DISCLOSURE: This is a three-part sponsored series by Rev.com. Check out part one on post-production.

In this second part of the series, we will be exploring Rev's approach to closed captions and subtitles, and how Rev captions can help improve your distribution strategy.

You probably don’t need an in-depth explanation of why closed captions are necessary for your content. If you’re not up to speed, know that they are a best practice and are usually required by law. So, why are captions and subtitles often an overlooked part of the distribution strategy?

To be honest, it’s because making captions is not easy. It not only requires you to transcribe and timecode everything being said but also to include other important audio content like sound effects, music, and speaker identification. The good news is that you don’t have to make caption files yourself.

While there are many speech-to-text services that can provide you with closed captions, many of these files require intense editing to fix misspellings, timing, and then conversion to all the formats each distribution channel requires.

However, Rev provides you with the most powerful captioning tool used in post-production and distribution with 99% accuracy and only at $1.25 a minute to make your videos accessible and provide the best possible experience for every viewer.

Videos don’t caption themselves... at least not very well (when it comes to the auto-generated options out there). Save time on creating (or editing) closed captions for your audience and make Rev captions part of your video distribution workflow.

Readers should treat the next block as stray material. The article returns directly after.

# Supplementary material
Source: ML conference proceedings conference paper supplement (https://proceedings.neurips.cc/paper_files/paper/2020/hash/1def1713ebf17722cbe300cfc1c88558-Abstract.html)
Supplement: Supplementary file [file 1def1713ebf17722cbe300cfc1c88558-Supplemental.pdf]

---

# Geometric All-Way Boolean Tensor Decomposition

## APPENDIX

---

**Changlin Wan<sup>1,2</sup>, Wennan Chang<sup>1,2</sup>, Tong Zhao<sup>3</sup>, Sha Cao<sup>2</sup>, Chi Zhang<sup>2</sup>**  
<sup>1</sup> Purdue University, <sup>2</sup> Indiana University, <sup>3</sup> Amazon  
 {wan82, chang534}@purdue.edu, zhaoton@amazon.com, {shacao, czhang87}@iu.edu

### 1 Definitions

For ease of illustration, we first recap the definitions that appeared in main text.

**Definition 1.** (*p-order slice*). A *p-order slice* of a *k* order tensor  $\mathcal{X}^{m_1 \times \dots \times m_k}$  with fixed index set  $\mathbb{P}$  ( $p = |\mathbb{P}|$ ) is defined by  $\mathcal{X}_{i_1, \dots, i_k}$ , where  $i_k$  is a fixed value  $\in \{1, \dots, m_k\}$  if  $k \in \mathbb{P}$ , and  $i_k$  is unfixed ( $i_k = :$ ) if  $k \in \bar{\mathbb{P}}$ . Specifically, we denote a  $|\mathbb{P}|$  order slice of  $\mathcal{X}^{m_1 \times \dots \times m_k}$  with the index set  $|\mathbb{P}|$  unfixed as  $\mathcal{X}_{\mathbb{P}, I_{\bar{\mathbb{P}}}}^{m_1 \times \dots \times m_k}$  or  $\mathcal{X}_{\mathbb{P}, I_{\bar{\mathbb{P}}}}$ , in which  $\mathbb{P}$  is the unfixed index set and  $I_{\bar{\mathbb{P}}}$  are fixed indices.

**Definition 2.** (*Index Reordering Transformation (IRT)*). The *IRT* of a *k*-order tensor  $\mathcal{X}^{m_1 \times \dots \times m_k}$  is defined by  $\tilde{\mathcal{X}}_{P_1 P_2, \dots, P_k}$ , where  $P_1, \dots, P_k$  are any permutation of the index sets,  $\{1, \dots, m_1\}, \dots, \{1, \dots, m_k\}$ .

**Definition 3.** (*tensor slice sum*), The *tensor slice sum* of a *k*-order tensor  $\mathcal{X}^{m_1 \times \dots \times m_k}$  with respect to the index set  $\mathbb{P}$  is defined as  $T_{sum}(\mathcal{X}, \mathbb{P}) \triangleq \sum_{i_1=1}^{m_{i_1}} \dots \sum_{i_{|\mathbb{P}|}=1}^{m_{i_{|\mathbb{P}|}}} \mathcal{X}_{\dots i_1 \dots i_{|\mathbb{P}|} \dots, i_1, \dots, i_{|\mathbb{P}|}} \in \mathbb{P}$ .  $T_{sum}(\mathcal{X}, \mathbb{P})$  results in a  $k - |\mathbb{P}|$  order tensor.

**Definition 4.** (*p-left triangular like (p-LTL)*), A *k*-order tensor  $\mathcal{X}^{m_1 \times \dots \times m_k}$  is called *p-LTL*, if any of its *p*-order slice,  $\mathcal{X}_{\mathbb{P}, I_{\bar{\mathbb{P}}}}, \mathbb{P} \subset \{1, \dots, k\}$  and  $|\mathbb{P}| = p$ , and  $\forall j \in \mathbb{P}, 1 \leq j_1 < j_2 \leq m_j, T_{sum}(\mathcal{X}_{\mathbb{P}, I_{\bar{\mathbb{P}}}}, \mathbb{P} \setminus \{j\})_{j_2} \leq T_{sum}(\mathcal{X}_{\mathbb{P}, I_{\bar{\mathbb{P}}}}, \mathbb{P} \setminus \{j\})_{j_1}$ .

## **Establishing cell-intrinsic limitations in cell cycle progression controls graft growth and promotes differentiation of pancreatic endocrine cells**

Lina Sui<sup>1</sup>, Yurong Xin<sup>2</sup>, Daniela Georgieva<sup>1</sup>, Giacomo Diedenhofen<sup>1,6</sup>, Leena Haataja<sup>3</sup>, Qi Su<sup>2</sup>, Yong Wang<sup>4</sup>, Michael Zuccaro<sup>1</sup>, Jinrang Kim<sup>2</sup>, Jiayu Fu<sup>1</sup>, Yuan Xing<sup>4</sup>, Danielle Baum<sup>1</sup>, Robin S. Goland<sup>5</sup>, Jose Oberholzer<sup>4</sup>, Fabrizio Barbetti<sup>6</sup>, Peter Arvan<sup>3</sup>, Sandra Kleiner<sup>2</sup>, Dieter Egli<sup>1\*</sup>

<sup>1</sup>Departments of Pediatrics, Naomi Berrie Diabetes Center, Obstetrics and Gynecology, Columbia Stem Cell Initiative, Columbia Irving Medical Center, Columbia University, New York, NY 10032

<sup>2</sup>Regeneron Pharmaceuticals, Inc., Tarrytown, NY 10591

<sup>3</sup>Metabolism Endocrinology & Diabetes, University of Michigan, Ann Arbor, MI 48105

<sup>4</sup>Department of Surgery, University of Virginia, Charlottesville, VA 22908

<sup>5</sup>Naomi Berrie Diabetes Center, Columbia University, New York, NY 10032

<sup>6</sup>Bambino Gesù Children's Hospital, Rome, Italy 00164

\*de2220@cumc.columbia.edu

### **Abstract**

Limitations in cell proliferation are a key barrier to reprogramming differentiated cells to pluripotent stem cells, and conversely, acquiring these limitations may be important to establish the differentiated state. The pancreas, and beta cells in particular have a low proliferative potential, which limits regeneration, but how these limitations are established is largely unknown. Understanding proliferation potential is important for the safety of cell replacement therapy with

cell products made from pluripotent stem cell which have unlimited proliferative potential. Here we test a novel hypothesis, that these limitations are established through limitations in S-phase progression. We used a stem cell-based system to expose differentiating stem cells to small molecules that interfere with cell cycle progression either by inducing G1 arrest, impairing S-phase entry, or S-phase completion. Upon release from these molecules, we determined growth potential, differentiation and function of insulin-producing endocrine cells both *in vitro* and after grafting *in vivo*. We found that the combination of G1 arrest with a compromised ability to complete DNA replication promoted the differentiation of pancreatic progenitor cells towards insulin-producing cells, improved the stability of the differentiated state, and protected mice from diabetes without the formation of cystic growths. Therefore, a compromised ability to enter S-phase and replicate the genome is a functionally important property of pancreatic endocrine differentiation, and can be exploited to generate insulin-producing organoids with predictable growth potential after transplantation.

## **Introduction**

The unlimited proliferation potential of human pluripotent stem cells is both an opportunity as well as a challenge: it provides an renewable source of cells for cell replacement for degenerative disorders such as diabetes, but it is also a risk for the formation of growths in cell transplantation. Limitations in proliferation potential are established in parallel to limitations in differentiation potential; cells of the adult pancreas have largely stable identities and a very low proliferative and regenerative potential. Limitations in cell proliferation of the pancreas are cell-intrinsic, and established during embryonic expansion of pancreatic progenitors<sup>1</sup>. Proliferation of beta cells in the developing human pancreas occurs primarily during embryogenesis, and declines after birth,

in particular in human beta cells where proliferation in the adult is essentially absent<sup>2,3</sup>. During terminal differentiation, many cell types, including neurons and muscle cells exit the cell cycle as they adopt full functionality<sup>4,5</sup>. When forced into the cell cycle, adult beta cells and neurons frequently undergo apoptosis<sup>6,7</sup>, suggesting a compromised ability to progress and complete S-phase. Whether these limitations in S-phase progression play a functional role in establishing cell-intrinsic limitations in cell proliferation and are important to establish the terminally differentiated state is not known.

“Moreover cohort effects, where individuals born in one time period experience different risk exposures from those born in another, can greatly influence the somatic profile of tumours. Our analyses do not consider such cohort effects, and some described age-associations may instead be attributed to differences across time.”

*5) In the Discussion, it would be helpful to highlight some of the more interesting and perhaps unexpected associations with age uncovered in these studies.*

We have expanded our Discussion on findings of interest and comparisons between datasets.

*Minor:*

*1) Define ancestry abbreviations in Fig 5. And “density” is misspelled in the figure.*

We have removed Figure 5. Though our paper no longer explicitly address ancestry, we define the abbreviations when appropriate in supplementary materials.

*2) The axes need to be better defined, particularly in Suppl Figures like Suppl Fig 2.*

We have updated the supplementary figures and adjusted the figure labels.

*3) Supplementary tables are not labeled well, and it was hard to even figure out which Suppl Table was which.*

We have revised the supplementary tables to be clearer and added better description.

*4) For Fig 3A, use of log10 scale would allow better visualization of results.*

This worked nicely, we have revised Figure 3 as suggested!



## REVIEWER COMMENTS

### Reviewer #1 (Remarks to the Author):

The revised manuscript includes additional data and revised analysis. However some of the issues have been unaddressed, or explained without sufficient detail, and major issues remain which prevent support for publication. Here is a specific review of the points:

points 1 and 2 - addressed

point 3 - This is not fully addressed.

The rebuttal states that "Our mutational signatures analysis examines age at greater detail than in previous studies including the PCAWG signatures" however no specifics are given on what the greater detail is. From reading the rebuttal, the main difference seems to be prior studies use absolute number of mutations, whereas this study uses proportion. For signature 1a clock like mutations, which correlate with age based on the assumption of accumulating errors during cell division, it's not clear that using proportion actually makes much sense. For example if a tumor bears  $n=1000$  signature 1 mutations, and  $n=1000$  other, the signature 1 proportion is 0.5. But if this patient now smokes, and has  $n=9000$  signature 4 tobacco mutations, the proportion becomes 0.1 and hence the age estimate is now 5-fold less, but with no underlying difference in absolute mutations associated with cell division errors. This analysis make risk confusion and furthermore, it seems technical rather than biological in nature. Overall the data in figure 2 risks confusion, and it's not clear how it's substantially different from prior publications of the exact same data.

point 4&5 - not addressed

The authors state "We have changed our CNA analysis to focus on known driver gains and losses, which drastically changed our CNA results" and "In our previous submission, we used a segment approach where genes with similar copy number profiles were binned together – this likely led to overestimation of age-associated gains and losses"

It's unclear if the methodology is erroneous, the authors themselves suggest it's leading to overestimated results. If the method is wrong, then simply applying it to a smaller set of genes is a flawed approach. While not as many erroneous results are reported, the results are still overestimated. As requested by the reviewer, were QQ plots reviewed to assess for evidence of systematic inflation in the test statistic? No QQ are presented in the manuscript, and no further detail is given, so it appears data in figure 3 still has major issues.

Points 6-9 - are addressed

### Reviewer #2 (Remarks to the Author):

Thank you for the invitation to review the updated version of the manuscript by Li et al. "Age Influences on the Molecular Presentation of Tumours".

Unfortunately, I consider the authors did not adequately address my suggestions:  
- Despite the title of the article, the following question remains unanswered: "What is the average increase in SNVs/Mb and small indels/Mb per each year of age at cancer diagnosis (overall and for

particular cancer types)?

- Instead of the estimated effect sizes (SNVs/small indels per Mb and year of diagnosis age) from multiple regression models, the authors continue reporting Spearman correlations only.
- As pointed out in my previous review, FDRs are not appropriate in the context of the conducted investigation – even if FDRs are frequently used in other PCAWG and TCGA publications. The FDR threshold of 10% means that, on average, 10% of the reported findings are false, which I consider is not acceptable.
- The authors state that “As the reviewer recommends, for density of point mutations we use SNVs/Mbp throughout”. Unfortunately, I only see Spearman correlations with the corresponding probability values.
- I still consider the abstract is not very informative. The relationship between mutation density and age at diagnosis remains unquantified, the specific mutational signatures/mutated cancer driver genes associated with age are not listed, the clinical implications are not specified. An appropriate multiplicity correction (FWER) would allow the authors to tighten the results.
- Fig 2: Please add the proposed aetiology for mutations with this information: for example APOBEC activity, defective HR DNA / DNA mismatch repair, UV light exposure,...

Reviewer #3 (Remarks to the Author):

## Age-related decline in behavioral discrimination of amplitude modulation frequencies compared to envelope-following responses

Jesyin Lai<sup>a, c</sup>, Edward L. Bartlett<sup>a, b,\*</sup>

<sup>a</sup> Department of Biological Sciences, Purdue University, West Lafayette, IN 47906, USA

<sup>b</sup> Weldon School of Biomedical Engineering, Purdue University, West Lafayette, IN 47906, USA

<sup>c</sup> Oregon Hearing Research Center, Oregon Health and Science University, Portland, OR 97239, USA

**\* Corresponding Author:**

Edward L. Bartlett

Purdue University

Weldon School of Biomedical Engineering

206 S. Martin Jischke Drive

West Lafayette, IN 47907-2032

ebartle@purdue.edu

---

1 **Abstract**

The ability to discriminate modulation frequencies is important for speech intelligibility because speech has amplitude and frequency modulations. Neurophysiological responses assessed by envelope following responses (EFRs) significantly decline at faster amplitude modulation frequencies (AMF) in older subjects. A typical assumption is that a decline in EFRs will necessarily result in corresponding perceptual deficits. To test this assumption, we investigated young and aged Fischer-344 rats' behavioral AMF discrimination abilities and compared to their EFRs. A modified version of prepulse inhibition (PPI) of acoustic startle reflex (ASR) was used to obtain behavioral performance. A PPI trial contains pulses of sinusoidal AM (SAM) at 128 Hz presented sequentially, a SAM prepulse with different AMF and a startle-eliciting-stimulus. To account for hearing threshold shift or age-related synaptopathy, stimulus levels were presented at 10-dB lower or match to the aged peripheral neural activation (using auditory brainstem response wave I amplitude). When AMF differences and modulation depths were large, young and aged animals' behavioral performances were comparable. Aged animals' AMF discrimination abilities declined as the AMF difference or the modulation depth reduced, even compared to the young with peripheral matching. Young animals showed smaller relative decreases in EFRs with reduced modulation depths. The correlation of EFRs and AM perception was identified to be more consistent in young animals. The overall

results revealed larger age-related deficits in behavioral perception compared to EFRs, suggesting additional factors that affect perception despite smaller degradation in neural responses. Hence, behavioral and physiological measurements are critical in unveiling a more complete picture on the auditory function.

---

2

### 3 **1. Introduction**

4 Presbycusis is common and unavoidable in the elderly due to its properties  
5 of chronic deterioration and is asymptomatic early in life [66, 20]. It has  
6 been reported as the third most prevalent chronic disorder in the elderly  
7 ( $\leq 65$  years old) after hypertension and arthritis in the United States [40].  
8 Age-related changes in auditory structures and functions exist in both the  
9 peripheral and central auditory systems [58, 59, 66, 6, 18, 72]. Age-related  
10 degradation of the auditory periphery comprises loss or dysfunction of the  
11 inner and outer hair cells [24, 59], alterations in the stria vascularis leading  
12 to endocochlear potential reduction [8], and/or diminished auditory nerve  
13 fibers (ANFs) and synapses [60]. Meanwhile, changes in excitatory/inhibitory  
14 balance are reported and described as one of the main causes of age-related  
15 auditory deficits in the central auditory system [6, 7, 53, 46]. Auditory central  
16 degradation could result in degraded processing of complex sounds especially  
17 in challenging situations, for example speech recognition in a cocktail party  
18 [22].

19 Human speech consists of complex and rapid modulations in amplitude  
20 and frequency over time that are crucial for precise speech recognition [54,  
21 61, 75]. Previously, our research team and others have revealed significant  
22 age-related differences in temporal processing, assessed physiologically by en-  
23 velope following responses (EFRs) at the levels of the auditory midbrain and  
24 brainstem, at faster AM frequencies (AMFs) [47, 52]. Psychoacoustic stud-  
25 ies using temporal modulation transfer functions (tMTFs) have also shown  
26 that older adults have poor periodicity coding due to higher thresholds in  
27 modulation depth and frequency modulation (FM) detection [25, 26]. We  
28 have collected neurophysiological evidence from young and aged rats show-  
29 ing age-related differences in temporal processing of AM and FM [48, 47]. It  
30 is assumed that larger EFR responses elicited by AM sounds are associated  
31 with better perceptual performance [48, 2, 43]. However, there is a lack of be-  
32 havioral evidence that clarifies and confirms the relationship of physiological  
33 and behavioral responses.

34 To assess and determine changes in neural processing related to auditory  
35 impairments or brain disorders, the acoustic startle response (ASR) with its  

Improving Your Audience’s Viewing Experience

While closed captions and subtitles are not just beneficial to the deaf and hard of hearing, it is the most important reason to caption every piece of video content you publish. You want everyone who can’t hear what’s on-screen to be able to understand and enjoy the content, too.

You might have heard the terms ADA, or most recently, CVAA mentioned when it comes to making your videos accessible. These acronyms are for the Americans with Disabilities Act of 1990 and the 21st Century Communications and Video Accessibility Act of 2010, respectively. Both of these laws have affected the film industry, most notably how Netflix and Hulu are making closed captions a requirement for their content streaming platforms. Sounds like captions are getting pretty important these days.

You should also consider some other caption benefits that improve your viewer’s experience:

  • Captions improve comprehension of dialogue

  • Captions provide clarity for names or organizations mentioned

  • Captions allow viewers to understand the content when sound is off or inaudible

  • Captions help people learning English (ESL) or children learning to read

  • Captions also help those with attention deficits or learning disabilities

  • Captions help online viewers find your content because of its SEO benefits

Plain and simple, you need captions in your distribution strategy. The future of the industry will be to require all video content have closed captions.

Don’t Just Caption Your Film

While we’re on the importance of captions, it’s important to remind filmmakers and distributors alike that captions aren’t just for the feature. In fact, you need to make sure that captions are provided for every video asset in your distribution strategy and marketing campaign.


Captions should be provided for any of the following video assets:

  • Feature Film

  • Movie Trailer

  • Teaser Trailers

  • Behind-the-scenes or “making of” extras

  • DVD/Blu-Ray release

  • Social Media Clips

  • Online advertisements

  • TV Commercials

  • Theatrical release

  • Film festival premiere

  • Online Streaming

  • TV version

And the list doesn’t stop there. Essentially, any video content you create should include English captions as the bare minimum.